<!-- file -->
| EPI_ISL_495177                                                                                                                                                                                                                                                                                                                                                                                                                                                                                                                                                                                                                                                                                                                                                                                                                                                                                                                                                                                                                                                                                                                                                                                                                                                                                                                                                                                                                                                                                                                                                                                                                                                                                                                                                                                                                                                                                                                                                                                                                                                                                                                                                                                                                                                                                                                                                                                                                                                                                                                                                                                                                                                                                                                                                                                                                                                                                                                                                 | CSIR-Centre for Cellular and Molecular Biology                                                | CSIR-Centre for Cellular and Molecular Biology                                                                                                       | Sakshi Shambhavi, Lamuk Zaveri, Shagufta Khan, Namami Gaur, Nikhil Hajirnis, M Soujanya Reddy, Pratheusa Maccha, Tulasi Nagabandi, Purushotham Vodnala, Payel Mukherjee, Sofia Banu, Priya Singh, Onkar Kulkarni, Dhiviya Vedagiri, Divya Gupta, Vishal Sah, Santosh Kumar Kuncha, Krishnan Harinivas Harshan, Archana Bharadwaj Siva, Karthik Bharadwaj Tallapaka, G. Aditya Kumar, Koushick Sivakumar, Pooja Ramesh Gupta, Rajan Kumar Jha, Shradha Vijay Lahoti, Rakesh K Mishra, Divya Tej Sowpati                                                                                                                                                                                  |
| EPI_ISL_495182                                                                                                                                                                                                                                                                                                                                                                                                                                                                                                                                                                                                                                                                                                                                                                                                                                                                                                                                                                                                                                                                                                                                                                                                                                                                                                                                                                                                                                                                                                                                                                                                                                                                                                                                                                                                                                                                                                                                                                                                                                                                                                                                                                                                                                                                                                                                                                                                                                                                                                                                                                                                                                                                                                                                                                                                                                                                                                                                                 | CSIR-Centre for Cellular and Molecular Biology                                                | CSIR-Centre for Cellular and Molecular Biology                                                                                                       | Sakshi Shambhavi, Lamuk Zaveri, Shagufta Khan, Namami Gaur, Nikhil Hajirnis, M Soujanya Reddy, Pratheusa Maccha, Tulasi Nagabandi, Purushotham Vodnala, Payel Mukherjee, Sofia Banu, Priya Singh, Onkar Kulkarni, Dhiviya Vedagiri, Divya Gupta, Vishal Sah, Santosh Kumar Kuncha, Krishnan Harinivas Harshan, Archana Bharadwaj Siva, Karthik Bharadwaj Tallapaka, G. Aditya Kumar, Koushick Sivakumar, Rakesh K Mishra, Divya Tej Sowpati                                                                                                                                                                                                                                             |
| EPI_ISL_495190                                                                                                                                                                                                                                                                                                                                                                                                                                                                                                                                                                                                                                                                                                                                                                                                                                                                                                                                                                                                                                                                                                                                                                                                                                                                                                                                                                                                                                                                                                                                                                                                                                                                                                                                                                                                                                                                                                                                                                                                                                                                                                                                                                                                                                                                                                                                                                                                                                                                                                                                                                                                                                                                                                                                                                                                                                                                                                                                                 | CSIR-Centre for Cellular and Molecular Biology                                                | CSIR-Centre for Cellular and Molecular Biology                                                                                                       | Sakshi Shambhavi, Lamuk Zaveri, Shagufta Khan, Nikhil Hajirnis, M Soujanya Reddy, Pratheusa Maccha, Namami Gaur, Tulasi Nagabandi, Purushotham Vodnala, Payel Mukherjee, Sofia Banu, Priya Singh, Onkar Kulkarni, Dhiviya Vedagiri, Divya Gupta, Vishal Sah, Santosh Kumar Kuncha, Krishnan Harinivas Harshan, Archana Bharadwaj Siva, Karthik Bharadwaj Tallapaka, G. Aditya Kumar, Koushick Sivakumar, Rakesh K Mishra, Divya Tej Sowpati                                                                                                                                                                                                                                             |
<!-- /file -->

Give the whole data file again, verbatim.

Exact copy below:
| EPI_ISL_495177                                                                                                                                                                                                                                                                                                                                                                                                                                                                                                                                                                                                                                                                                                                                                                                                                                                                                                                                                                                                                                                                                                                                                                                                                                                                                                                                                                                                                                                                                                                                                                                                                                                                                                                                                                                                                                                                                                                                                                                                                                                                                                                                                                                                                                                                                                                                                                                                                                                                                                                                                                                                                                                                                                                                                                                                                                                                                                                                                 | CSIR-Centre for Cellular and Molecular Biology                                                | CSIR-Centre for Cellular and Molecular Biology                                                                                                       | Sakshi Shambhavi, Lamuk Zaveri, Shagufta Khan, Namami Gaur, Nikhil Hajirnis, M Soujanya Reddy, Pratheusa Maccha, Tulasi Nagabandi, Purushotham Vodnala, Payel Mukherjee, Sofia Banu, Priya Singh, Onkar Kulkarni, Dhiviya Vedagiri, Divya Gupta, Vishal Sah, Santosh Kumar Kuncha, Krishnan Harinivas Harshan, Archana Bharadwaj Siva, Karthik Bharadwaj Tallapaka, G. Aditya Kumar, Koushick Sivakumar, Pooja Ramesh Gupta, Rajan Kumar Jha, Shradha Vijay Lahoti, Rakesh K Mishra, Divya Tej Sowpati                                                                                                                                                                                  |
| EPI_ISL_495182                                                                                                                                                                                                                                                                                                                                                                                                                                                                                                                                                                                                                                                                                                                                                                                                                                                                                                                                                                                                                                                                                                                                                                                                                                                                                                                                                                                                                                                                                                                                                                                                                                                                                                                                                                                                                                                                                                                                                                                                                                                                                                                                                                                                                                                                                                                                                                                                                                                                                                                                                                                                                                                                                                                                                                                                                                                                                                                                                 | CSIR-Centre for Cellular and Molecular Biology                                                | CSIR-Centre for Cellular and Molecular Biology                                                                                                       | Sakshi Shambhavi, Lamuk Zaveri, Shagufta Khan, Namami Gaur, Nikhil Hajirnis, M Soujanya Reddy, Pratheusa Maccha, Tulasi Nagabandi, Purushotham Vodnala, Payel Mukherjee, Sofia Banu, Priya Singh, Onkar Kulkarni, Dhiviya Vedagiri, Divya Gupta, Vishal Sah, Santosh Kumar Kuncha, Krishnan Harinivas Harshan, Archana Bharadwaj Siva, Karthik Bharadwaj Tallapaka, G. Aditya Kumar, Koushick Sivakumar, Rakesh K Mishra, Divya Tej Sowpati                                                                                                                                                                                                                                             |
| EPI_ISL_495190                                                                                                                                                                                                                                                                                                                                                                                                                                                                                                                                                                                                                                                                                                                                                                                                                                                                                                                                                                                                                                                                                                                                                                                                                                                                                                                                                                                                                                                                                                                                                                                                                                                                                                                                                                                                                                                                                                                                                                                                                                                                                                                                                                                                                                                                                                                                                                                                                                                                                                                                                                                                                                                                                                                                                                                                                                                                                                                                                 | CSIR-Centre for Cellular and Molecular Biology                                                | CSIR-Centre for Cellular and Molecular Biology                                                                                                       | Sakshi Shambhavi, Lamuk Zaveri, Shagufta Khan, Nikhil Hajirnis, M Soujanya Reddy, Pratheusa Maccha, Namami Gaur, Tulasi Nagabandi, Purushotham Vodnala, Payel Mukherjee, Sofia Banu, Priya Singh, Onkar Kulkarni, Dhiviya Vedagiri, Divya Gupta, Vishal Sah, Santosh Kumar Kuncha, Krishnan Harinivas Harshan, Archana Bharadwaj Siva, Karthik Bharadwaj Tallapaka, G. Aditya Kumar, Koushick Sivakumar, Rakesh K Mishra, Divya Tej Sowpati                                                                                                                                                                                                                                             |